Proposal Would Require Full Refunds for Student Travel Trips Canceled Due to Covid-19

The legislation came after the Massachusetts Attorney General's office received more than 600 complaints about partial refunds for canceled trips.

The legislation came after the Massachusetts Attorney General's office received more than 600 complaints about partial refunds for canceled trips. Shutterstock

 

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Legislation in Massachusetts would expand consumer protection laws to require full refunds for student trips that are canceled due to "a declaration of emergency."

Pending legislation in Massachusetts would require companies to refund the full cost of school trips canceled because of the coronavirus pandemic or be open to legal challenges under the state’s consumer protection law.

The bill, discussed Wednesday in a virtual hearing before the legislature's Joint Committee on Consumer Protection and Professional Licensure, would classify as an unfair or deceptive business practice “the failure of any travel company, travel agency, tour business, or travel agent acting on behalf of a consumer, to provide a full monetary refund, upon request, for a school-related educational trip, tour or excursion cancelled as a result of a declaration of emergency.”

The legislation, filed in April with more than 30 co-sponsors, was drafted after the Massachusetts Attorney General’s Office received over 600 complaints from customers who struggled to get refunds for school trips that were canceled as a result of the pandemic. 

Those complaints focused on trips booked through EF Educational Tours, a student travel company based in Cambridge, Mass. When travel restrictions disrupted the scheduled trips, the company offered three options to families—travel vouchers to rebook within two years, the ability to transfer vouchers to another student or a refund, minus a $1,000 cancellation fee.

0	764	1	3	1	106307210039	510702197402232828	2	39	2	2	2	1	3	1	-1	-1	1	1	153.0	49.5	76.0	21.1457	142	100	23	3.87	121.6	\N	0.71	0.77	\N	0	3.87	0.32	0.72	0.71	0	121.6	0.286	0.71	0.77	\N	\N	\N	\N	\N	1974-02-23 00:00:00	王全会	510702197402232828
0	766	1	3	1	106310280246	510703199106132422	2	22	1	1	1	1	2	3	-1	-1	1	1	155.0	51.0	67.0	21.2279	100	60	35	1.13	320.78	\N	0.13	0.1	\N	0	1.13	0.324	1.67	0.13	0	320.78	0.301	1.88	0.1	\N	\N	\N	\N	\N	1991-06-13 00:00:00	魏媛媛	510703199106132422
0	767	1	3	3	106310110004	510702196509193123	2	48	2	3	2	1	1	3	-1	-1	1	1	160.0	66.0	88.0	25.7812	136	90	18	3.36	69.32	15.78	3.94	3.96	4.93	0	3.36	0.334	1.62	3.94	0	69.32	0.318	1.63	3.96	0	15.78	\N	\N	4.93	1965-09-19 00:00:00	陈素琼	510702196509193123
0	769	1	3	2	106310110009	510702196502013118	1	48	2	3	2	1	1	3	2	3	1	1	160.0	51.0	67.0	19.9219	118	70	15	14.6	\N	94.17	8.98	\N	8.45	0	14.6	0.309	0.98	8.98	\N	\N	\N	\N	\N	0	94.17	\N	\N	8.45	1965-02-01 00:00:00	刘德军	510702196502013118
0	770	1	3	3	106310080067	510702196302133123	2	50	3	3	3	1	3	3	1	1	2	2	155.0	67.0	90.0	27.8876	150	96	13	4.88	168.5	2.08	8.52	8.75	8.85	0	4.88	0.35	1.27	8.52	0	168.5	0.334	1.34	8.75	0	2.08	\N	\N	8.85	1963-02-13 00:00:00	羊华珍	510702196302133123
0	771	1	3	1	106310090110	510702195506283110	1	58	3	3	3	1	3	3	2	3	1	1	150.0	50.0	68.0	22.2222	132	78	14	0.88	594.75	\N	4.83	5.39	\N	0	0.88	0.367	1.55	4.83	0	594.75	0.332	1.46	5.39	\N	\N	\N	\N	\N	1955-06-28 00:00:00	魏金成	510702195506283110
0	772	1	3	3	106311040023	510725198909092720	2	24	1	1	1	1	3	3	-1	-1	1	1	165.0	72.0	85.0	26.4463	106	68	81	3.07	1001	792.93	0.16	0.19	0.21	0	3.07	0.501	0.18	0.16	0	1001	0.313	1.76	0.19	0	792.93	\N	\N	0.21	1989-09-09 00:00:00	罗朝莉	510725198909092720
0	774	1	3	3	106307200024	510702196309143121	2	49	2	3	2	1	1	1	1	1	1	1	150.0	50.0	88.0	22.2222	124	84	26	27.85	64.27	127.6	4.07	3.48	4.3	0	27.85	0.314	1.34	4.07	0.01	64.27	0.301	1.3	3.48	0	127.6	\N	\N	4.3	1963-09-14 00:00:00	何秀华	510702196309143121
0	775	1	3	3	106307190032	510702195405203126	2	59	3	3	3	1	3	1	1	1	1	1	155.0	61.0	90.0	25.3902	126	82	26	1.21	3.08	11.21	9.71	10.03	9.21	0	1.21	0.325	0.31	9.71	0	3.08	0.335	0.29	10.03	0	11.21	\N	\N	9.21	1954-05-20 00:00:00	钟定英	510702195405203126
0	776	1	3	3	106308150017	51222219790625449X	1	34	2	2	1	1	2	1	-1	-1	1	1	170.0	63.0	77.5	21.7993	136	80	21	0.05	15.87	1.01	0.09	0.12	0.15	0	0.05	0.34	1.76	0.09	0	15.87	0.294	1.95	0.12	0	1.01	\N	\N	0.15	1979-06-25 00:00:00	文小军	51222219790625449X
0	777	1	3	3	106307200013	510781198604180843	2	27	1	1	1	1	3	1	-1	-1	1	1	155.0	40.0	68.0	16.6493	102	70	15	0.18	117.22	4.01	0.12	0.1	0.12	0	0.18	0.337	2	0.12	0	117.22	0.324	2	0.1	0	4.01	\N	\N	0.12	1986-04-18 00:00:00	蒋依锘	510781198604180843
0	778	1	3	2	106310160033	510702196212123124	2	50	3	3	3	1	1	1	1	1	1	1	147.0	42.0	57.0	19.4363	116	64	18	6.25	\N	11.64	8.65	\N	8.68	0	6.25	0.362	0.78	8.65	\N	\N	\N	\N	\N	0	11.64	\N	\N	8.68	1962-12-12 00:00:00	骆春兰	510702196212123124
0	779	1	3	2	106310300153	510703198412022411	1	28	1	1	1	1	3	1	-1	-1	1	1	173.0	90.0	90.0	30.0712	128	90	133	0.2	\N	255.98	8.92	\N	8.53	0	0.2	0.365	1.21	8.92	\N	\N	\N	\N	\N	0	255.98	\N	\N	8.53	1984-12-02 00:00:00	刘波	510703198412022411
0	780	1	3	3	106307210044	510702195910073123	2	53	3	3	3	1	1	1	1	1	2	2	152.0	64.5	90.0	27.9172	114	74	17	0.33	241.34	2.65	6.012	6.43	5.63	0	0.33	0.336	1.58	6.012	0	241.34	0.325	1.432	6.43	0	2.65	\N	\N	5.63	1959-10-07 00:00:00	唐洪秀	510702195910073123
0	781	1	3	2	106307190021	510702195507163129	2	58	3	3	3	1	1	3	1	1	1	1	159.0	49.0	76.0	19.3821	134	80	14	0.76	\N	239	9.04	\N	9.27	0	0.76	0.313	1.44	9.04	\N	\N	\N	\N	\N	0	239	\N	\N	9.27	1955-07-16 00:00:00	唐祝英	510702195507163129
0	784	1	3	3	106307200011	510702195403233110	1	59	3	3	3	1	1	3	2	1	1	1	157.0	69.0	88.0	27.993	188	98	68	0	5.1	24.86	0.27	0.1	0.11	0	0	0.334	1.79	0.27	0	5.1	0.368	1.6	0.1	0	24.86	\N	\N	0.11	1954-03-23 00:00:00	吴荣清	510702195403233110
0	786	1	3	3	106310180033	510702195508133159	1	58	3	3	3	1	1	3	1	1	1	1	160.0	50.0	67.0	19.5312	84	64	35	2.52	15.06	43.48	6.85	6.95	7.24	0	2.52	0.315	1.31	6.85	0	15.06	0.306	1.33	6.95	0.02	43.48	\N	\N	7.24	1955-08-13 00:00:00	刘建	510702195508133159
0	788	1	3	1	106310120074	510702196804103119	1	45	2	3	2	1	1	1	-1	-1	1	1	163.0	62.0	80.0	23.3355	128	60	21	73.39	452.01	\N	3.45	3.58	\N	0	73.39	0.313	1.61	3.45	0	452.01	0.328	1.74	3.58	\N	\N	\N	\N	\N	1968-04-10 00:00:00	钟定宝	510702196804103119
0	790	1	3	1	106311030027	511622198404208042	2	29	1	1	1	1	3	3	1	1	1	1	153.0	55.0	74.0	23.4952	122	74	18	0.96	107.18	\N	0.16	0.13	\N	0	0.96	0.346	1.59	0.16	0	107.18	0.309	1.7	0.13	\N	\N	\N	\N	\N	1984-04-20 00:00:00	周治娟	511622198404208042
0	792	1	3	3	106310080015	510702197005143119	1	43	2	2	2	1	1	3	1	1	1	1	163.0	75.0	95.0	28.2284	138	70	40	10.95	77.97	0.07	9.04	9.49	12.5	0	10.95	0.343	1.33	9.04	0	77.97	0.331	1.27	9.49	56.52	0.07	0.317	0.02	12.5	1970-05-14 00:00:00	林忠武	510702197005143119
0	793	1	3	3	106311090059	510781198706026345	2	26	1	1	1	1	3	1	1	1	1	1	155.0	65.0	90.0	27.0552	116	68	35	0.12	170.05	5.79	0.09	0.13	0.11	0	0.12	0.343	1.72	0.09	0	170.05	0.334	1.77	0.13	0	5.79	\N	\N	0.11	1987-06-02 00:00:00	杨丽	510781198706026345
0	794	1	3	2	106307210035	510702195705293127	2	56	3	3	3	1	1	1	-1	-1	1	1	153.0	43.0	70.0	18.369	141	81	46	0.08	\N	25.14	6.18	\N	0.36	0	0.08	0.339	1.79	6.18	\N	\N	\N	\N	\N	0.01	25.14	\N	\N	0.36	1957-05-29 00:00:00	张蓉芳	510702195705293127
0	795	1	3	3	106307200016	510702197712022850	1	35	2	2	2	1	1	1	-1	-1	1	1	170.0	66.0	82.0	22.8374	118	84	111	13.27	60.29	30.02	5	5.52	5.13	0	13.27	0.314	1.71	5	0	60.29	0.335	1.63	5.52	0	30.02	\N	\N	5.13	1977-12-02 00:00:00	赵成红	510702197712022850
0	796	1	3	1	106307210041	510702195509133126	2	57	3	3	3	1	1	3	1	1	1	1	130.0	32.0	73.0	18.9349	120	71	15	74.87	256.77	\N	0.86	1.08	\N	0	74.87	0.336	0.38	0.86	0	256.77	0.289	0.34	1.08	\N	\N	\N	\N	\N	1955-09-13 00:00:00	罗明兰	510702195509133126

The company settled with the attorney general’s office, agreeing to offer additional funds to customers—$435 for international travel, $300 for domestic travel by air and $100 for domestic travel by bus—who booked trips that were scheduled to depart between March 11 and May 14. 

But representatives for the company told legislators Wednesday that full refunds are nearly impossible to secure in most cases. Much of the cost of each trip goes toward planning and research, along with pre-payments to third-party vendors—money that can’t easily be recouped by the company in the event of an unforeseen cancellation, said William Dunn, EF’s general counsel, who testified in opposition of the bill.

“(This legislation) would apply a devastating penalty to travel companies, based on events completely outside of our control,” Dunn said. “Good business actors in the commonwealth would be subject to this penalty...despite there being no intentional wrongful act that could have been avoided. It also fails to acknowledge how much educational travel companies incur and invest in these programs before a traveler ever leaves Logan airport.”

A typical trip can require a year or more of planning, work that “makes these trips seem effortless for these travelers once they’re overseas,” said Liz Rees, senior vice president of sales for Boston-based ACIS Educational Tours. “The planning and staffing costs, plus the costs paid in advance...are either entirely not refundable, or only refunded to us in part, and not in cash.”

Lawmakers seemed sympathetic to that argument, but some expressed concern that it would be difficult for consumers to confirm that their refunds were reasonable without explicit legal protection.

“It is not lost on me. I get it. There is a lot of work that goes into these tours months and years ahead of time, and you should be able to recover those costs and not have to take a complete loss,” said state Sen. Paul Feeney. “But presumably there are some tour operators that aren’t doing the right thing, and absent any legislation trying to figure out what exactly is a violation...I’m stuck trying to figure out, what is that balance? What is a reasonable cost?”

Dunn said that existing consumer protection law already addresses some of those concerns. His company was able to reach a settlement with the attorney general’s office on its own, he added.

“We also believe...this legislation is not needed. Speaking for EF Tours, with the attorney general’s help over the past few weeks, and open and candid dialogue with her office, we have already found a path forward,” he said. “No solution is perfect these days, but we believe in a practical and balanced solution to navigate what we all hope is a once-in-a-lifetime situation.”

The committee did not vote on the proposal. 

Kate Elizabeth Queram is a staff correspondent for Route Fifty and is based in Washington, D.C.

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